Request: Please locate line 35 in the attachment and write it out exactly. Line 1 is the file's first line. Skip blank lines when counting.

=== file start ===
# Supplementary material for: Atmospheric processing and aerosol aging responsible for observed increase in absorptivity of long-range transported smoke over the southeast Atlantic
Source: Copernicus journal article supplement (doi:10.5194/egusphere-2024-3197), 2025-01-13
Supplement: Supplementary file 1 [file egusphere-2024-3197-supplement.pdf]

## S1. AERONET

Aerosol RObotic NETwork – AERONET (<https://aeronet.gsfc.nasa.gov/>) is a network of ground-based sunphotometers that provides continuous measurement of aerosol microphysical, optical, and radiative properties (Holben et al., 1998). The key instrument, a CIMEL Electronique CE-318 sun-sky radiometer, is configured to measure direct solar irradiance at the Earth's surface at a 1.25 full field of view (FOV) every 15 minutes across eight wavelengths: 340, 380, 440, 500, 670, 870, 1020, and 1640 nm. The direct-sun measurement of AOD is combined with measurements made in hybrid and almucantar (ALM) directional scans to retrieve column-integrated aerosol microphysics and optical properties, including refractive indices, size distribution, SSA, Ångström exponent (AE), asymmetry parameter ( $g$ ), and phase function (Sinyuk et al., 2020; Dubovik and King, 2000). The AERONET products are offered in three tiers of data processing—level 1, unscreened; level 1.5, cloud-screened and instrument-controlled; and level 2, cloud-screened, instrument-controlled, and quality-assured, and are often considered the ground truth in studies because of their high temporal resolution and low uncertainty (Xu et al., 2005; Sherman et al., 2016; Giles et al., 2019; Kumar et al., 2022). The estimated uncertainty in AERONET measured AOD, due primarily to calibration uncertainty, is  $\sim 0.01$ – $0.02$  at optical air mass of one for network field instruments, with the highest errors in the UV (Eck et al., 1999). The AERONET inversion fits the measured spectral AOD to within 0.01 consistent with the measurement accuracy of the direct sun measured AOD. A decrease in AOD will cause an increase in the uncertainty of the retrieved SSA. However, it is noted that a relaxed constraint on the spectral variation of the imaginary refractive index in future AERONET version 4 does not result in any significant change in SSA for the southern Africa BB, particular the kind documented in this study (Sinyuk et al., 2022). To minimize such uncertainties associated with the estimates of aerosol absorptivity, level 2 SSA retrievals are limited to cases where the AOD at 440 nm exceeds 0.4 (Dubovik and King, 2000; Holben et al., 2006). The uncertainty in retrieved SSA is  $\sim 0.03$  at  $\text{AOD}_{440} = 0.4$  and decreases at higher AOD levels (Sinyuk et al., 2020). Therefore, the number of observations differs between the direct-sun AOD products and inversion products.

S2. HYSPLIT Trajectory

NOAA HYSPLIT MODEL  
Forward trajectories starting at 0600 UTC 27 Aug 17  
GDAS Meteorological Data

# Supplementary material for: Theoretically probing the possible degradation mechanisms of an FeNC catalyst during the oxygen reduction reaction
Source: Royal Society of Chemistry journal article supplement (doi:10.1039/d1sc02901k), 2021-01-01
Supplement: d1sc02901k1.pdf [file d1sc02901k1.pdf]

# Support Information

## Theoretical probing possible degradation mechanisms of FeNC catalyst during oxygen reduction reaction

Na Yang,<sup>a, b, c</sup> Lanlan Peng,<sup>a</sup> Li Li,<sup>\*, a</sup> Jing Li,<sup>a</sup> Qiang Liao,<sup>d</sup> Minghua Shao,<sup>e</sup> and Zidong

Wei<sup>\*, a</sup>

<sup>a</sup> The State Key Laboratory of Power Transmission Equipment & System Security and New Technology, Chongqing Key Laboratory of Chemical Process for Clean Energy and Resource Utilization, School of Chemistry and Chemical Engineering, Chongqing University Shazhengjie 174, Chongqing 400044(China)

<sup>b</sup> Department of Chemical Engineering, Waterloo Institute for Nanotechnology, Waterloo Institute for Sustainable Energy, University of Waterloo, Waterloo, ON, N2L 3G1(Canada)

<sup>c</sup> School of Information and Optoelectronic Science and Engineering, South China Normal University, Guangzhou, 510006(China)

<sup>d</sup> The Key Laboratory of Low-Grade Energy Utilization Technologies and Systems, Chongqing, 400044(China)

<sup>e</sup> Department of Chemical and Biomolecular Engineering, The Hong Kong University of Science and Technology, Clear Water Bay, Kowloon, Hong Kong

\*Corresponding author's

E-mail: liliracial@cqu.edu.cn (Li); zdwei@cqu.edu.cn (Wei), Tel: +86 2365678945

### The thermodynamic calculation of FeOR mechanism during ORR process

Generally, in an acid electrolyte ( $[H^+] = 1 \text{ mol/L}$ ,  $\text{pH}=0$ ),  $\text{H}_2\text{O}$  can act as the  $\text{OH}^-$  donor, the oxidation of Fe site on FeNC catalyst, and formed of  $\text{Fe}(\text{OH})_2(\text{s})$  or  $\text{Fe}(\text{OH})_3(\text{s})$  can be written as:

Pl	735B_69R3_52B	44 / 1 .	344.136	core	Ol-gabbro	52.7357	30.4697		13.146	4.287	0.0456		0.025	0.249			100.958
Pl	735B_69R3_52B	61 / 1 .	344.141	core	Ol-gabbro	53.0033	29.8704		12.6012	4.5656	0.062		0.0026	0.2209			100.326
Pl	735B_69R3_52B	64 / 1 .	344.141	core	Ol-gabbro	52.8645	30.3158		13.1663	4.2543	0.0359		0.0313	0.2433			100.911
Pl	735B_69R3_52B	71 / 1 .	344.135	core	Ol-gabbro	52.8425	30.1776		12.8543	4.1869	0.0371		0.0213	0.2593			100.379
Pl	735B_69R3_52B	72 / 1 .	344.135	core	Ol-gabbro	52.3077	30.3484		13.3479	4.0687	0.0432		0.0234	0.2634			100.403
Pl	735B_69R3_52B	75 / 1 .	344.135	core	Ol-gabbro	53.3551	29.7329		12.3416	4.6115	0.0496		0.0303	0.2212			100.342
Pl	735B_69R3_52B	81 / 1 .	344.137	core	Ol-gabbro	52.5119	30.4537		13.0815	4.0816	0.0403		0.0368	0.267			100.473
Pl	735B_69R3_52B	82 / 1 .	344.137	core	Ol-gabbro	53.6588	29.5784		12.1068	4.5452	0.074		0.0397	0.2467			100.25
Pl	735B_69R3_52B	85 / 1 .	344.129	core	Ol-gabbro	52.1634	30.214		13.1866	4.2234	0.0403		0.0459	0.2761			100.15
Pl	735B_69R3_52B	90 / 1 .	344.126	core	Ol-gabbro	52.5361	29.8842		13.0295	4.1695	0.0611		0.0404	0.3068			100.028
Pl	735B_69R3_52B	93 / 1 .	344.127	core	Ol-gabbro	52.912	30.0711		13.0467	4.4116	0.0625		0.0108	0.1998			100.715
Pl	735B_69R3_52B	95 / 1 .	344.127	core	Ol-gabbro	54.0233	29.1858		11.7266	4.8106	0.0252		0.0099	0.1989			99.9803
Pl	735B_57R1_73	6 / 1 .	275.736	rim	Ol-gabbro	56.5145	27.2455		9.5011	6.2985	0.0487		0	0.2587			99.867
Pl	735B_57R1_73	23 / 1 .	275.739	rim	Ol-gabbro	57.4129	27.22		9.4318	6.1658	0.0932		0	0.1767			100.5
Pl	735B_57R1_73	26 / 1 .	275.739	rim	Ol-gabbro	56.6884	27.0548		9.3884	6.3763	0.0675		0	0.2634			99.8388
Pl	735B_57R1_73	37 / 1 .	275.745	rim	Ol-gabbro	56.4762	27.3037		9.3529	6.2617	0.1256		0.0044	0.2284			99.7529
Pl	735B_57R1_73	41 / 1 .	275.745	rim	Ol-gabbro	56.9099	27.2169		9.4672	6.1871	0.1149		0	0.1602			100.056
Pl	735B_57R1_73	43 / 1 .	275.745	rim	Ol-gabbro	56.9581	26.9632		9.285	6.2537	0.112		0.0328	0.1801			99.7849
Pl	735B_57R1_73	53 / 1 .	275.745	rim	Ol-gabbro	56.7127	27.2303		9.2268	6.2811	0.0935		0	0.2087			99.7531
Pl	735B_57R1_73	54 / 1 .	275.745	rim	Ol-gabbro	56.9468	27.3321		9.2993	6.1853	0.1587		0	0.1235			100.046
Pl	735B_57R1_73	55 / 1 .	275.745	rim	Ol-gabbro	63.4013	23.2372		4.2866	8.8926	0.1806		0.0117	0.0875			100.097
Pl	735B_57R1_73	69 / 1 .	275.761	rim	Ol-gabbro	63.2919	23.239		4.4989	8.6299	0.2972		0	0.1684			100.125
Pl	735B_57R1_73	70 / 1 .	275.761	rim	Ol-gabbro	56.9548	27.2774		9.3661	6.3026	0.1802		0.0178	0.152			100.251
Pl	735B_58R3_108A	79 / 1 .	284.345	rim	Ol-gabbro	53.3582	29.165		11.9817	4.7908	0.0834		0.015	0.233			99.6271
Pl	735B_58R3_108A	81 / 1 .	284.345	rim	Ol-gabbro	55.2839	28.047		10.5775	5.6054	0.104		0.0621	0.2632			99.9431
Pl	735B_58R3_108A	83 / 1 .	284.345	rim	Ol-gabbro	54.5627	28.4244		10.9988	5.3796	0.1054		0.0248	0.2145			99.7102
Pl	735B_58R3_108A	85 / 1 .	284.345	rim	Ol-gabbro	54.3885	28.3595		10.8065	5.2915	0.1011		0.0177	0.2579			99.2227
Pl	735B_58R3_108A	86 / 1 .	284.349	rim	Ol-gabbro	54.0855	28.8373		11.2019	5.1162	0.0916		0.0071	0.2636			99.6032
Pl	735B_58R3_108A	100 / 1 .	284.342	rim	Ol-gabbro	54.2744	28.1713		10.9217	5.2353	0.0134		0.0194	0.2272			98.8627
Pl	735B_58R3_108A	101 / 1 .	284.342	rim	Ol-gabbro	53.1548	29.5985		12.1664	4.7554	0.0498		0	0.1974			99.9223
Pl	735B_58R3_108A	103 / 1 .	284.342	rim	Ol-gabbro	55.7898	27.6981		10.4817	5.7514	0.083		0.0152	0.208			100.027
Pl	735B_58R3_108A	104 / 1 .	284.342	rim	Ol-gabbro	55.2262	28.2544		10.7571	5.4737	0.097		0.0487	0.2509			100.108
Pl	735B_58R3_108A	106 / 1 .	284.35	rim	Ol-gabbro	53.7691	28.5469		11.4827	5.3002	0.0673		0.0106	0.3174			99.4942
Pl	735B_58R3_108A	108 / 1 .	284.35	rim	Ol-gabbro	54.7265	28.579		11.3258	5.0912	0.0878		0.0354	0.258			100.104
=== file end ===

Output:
Pl	735B_69R3_52B	90 / 1 .	344.126	core	Ol-gabbro	52.5361	29.8842		13.0295	4.1695	0.0611		0.0404	0.3068			100.028